History lures new and old voters to polls

On a workaday morning outside the College Hill Library on Tampa's Dr. Martin Luther King Jr. Boulevard, an old man's knees begin to buckle.

He is standing outside along with dozens of others, most of them black, some who lined up even before the library-turned-early-voting-site opened its doors.

As the man starts to crumple, people rush out of line to help. Get a chair, they are saying, and give him air, and somebody call an ambulance.

By the time paramedics come, as a stranger fans the man with a hunk of cardboard, he looks a little better. I'm diabetic, he explains.

When asked if he wants to go to the hospital, his eyes are clear. No, he says.

Voters came to the little brick library in church vans and family cars and work trucks. They were young people who never voted before and longtime Democrats and older folks leaning on canes. They waited in hot sun and cool drizzle. They came by the thousands.

“Is it worth it? To be a part of history in the making? Yes, ma'am,” John Jones, who is mid line after about an hour, tells me. “I'll wait ‘til tomorrow if I have to.”

The old man who buckled is not the first to rally here in the name of democracy. Earlier in the week, an elderly woman was similarly overtaken, perhaps by the heat. Once revived, she too said no, she would not go.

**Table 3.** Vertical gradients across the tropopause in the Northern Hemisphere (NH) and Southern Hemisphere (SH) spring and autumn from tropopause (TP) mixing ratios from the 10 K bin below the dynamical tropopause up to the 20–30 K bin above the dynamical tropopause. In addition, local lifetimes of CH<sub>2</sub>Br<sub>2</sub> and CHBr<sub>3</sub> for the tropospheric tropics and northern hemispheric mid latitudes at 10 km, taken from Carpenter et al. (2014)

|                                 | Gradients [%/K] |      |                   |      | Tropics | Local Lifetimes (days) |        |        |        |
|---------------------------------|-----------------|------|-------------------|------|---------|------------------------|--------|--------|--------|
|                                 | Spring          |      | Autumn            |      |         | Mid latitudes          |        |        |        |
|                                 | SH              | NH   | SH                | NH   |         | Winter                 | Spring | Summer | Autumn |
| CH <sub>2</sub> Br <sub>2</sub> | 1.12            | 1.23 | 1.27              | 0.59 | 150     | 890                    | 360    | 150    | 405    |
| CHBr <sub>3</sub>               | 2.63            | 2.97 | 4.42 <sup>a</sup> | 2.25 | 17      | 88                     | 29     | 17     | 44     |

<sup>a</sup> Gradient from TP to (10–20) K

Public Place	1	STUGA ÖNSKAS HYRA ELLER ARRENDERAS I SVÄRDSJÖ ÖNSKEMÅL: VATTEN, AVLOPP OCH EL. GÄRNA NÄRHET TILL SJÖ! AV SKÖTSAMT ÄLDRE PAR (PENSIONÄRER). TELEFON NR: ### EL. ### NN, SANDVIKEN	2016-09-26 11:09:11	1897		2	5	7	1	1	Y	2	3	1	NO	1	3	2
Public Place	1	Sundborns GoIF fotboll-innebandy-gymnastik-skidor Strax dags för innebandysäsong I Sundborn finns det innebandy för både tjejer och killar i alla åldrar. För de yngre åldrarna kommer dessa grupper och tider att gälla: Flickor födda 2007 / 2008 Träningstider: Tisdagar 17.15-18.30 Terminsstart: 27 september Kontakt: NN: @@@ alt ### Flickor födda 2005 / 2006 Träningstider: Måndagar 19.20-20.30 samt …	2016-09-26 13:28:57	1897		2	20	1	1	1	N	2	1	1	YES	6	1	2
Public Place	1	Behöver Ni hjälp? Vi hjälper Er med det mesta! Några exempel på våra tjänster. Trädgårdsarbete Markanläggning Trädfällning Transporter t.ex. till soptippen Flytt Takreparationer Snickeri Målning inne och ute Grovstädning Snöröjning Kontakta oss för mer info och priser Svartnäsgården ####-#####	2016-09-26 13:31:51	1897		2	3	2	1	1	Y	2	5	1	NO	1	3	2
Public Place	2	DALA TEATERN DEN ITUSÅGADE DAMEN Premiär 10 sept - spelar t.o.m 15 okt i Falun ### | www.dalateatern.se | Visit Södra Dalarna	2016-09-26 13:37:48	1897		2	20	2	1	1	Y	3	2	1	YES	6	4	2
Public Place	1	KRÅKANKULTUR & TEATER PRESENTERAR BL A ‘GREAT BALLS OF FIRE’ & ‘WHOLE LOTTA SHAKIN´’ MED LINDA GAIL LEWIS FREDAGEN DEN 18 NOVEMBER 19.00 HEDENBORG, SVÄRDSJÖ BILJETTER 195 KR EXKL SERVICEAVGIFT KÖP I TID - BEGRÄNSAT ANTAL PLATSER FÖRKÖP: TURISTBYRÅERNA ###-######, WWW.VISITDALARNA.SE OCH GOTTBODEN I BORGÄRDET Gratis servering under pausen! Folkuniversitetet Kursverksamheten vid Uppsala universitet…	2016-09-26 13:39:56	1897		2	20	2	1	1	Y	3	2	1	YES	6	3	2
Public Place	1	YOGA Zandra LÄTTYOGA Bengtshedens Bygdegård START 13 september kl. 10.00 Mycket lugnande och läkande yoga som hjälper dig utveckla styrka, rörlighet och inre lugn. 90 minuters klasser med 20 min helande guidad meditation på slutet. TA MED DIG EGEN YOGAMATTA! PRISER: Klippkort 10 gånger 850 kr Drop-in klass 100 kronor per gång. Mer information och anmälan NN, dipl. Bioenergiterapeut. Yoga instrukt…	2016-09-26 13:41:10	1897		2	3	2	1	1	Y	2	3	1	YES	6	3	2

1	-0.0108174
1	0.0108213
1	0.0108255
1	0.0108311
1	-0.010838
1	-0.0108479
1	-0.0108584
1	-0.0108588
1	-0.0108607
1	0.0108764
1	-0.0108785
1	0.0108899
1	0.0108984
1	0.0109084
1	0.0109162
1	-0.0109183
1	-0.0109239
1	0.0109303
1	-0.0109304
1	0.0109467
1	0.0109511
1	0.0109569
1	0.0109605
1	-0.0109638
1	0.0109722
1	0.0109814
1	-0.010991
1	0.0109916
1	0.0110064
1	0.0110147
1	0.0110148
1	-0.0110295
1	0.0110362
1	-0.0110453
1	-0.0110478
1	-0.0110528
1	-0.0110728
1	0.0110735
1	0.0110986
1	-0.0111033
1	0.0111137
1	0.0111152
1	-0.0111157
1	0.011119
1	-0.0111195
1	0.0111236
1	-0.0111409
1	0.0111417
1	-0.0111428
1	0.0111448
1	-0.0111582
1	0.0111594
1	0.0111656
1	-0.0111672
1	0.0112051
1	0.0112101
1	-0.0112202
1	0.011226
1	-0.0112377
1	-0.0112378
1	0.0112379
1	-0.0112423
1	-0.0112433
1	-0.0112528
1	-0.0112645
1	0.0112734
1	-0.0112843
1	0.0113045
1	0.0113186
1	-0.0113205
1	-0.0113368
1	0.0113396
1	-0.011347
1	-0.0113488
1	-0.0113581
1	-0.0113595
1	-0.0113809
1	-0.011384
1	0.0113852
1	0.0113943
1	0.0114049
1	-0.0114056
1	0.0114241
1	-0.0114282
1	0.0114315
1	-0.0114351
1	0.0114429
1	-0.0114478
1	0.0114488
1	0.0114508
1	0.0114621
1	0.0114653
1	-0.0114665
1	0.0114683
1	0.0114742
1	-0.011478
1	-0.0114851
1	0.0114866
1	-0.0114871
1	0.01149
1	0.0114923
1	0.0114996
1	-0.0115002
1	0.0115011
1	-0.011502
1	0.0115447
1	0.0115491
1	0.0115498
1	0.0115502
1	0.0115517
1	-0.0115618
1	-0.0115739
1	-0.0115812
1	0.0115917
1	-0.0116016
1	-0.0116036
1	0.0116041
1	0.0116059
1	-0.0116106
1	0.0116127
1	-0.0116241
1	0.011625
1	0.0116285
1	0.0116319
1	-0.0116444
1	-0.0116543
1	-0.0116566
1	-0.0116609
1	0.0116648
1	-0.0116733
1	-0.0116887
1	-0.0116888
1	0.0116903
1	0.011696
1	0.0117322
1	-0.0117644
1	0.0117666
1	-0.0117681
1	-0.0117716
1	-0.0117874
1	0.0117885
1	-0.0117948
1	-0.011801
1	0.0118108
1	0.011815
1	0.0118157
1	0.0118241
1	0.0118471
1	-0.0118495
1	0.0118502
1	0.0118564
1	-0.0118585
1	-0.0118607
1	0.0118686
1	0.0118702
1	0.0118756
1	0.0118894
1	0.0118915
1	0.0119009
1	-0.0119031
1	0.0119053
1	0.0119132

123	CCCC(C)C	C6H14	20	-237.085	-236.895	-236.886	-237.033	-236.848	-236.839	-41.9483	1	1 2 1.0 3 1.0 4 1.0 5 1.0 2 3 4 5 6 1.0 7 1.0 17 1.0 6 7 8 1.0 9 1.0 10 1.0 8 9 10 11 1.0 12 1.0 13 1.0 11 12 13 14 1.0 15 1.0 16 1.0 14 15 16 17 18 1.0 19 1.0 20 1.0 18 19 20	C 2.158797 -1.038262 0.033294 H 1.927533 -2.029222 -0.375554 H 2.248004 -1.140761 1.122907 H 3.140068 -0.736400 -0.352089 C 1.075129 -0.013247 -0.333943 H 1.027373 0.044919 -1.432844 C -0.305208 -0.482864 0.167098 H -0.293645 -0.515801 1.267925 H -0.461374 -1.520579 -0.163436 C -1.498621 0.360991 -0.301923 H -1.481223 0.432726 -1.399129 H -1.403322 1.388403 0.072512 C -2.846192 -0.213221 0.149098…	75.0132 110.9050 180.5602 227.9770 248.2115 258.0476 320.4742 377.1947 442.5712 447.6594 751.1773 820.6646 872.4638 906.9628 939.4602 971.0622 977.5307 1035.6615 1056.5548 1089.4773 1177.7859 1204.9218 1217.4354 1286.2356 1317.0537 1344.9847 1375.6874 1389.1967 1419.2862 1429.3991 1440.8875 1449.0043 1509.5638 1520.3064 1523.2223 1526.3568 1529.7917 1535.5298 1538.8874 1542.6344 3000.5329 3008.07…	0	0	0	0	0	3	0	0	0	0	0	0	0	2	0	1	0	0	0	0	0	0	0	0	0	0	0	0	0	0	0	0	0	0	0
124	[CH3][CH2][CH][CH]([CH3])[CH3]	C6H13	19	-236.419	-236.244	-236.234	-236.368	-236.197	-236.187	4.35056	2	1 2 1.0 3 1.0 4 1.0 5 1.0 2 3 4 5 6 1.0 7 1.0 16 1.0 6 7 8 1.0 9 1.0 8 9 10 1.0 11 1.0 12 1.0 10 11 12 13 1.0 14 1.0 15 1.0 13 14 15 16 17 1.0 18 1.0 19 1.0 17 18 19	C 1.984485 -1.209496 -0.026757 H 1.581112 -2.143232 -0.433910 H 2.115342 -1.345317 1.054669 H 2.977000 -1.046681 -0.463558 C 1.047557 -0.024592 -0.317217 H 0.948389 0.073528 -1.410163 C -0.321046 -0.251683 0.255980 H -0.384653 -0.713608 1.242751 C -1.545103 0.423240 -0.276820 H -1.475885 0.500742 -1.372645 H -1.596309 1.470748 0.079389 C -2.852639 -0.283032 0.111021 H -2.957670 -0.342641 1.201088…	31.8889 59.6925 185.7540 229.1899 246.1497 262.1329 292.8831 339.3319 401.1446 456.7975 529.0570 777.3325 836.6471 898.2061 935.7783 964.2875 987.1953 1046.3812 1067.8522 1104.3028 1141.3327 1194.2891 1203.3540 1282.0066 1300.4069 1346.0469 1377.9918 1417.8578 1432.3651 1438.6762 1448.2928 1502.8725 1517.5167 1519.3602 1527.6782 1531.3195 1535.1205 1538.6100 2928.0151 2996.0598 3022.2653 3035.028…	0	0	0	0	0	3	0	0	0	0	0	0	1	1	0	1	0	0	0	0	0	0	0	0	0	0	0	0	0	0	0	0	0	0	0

“She said she'd never have this chance again,” says Bernadine White-King. “Too many people died for this.”

As traffic flies past, people stand talking about Barack Obama and all that electing the first black president might mean. They also talk about work and day care and lunch and whether the rain plans to keep up.

From her front porch across the street, Jacqueline Johnson watches the voters come and go, come and go.

She's a former nursing assistant. We chat awhile, and after a time I say goodbye. As I latch the chain-link gate behind me, she calls from her porch.

“Don't forget to vote.”